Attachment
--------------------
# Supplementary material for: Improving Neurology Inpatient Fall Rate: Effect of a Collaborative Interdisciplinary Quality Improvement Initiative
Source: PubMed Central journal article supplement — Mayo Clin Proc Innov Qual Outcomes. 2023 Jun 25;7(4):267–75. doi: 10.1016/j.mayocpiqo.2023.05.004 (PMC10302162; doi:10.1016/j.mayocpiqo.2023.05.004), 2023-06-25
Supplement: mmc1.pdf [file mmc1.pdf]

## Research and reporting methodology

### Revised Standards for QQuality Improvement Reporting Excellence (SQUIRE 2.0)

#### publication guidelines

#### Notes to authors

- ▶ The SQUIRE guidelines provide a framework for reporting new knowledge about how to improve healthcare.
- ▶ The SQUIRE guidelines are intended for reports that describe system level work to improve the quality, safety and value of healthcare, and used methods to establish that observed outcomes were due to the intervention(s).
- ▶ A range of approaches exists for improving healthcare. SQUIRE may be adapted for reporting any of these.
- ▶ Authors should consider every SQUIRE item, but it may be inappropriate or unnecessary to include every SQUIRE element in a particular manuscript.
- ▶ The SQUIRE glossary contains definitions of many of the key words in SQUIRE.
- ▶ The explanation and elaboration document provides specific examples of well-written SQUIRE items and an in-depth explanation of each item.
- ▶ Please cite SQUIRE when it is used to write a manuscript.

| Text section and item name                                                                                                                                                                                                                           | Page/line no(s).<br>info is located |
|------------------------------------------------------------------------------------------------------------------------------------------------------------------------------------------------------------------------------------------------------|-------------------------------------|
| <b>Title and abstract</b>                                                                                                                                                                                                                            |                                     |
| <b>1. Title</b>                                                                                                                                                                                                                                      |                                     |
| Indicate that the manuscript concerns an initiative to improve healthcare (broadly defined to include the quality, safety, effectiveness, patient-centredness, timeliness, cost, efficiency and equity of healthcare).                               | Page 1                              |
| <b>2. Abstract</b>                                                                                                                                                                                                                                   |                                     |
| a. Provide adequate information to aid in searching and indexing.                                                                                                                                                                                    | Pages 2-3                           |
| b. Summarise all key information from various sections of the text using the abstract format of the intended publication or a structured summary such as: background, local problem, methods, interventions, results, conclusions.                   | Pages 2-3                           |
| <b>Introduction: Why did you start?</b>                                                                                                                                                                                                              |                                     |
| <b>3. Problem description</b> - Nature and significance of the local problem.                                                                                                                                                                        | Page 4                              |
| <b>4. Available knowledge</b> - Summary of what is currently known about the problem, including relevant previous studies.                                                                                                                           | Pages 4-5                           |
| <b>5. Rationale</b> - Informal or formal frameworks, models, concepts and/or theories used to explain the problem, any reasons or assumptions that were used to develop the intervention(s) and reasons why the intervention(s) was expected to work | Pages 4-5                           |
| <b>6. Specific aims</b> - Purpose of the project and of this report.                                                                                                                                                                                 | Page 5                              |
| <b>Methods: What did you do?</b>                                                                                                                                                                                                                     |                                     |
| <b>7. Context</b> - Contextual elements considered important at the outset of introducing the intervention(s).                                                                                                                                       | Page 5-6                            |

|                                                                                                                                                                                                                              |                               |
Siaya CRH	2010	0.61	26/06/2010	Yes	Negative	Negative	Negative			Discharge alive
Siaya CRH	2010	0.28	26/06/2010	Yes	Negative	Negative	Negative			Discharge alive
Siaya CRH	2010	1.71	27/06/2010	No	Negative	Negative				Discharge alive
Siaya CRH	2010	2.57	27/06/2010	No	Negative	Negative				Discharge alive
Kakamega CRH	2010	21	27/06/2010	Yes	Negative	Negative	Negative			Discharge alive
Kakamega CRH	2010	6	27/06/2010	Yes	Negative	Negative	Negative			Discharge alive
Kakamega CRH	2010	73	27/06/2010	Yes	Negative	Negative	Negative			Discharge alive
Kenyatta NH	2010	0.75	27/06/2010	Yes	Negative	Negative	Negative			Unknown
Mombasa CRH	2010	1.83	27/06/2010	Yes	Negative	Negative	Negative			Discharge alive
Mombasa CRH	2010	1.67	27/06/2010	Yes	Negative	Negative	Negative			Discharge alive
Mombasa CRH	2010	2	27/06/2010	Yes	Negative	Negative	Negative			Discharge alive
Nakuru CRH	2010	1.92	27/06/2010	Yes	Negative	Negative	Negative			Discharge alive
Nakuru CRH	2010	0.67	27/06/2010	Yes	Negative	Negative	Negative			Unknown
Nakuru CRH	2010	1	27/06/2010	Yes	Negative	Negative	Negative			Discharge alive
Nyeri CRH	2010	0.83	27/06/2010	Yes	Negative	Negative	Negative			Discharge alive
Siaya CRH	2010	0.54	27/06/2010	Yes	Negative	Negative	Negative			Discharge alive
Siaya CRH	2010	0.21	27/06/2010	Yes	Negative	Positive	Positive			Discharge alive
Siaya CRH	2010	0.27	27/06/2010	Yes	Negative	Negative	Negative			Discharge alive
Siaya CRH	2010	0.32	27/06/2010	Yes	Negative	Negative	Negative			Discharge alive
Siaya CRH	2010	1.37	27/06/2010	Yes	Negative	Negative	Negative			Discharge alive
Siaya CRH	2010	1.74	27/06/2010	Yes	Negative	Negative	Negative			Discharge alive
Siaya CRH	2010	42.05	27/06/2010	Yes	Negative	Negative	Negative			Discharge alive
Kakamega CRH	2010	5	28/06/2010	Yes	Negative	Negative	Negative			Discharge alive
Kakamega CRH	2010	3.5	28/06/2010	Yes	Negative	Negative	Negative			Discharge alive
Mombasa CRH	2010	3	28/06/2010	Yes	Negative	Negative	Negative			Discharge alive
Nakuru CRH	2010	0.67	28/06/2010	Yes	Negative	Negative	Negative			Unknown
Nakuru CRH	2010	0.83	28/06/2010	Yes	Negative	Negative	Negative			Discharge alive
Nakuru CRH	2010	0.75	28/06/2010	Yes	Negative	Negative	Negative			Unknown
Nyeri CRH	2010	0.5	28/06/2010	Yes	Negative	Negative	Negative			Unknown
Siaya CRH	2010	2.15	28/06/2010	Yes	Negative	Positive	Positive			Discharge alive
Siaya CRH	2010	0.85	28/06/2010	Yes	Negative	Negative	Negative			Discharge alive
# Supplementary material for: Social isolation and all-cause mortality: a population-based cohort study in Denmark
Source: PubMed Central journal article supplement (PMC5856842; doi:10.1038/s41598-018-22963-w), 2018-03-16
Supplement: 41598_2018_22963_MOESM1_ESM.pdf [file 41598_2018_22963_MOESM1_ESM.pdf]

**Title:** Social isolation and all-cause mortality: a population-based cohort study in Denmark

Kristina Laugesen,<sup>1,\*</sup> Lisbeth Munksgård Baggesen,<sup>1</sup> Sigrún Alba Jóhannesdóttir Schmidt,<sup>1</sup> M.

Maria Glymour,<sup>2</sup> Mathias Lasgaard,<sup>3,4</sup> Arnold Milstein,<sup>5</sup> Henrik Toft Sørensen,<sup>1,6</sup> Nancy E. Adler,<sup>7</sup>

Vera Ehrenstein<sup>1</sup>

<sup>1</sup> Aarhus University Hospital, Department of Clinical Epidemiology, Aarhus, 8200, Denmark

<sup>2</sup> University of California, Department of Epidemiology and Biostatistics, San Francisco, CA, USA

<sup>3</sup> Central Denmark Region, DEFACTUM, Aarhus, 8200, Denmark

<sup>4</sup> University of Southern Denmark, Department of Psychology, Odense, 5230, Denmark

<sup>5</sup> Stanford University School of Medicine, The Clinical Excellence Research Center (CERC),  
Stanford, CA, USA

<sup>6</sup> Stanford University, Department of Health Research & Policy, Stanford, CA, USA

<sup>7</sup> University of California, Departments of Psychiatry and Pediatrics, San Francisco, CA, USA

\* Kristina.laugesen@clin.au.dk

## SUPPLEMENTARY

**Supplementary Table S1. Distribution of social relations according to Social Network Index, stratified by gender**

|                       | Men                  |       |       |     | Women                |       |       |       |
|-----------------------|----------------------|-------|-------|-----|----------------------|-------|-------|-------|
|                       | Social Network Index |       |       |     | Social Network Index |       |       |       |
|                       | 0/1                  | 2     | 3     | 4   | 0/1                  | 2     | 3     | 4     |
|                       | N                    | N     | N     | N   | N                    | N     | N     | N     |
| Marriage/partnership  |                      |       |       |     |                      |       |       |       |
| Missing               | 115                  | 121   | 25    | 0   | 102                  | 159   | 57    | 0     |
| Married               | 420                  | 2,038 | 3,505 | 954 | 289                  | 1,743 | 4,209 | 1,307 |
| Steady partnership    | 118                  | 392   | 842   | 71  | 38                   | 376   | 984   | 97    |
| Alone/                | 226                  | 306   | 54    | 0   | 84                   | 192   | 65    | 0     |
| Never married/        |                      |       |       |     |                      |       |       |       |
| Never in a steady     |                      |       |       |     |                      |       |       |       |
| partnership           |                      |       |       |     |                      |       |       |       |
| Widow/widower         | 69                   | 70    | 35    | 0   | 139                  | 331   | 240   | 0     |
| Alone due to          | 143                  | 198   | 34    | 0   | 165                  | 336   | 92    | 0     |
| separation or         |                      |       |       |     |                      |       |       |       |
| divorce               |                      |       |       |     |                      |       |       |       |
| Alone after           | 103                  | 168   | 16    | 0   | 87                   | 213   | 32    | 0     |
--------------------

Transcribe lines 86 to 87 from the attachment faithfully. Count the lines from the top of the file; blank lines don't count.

| Missing               | 115                  | 121   | 25    | 0   | 102                  | 159   | 57    | 0     |
| Married               | 420                  | 2,038 | 3,505 | 954 | 289                  | 1,743 | 4,209 | 1,307 |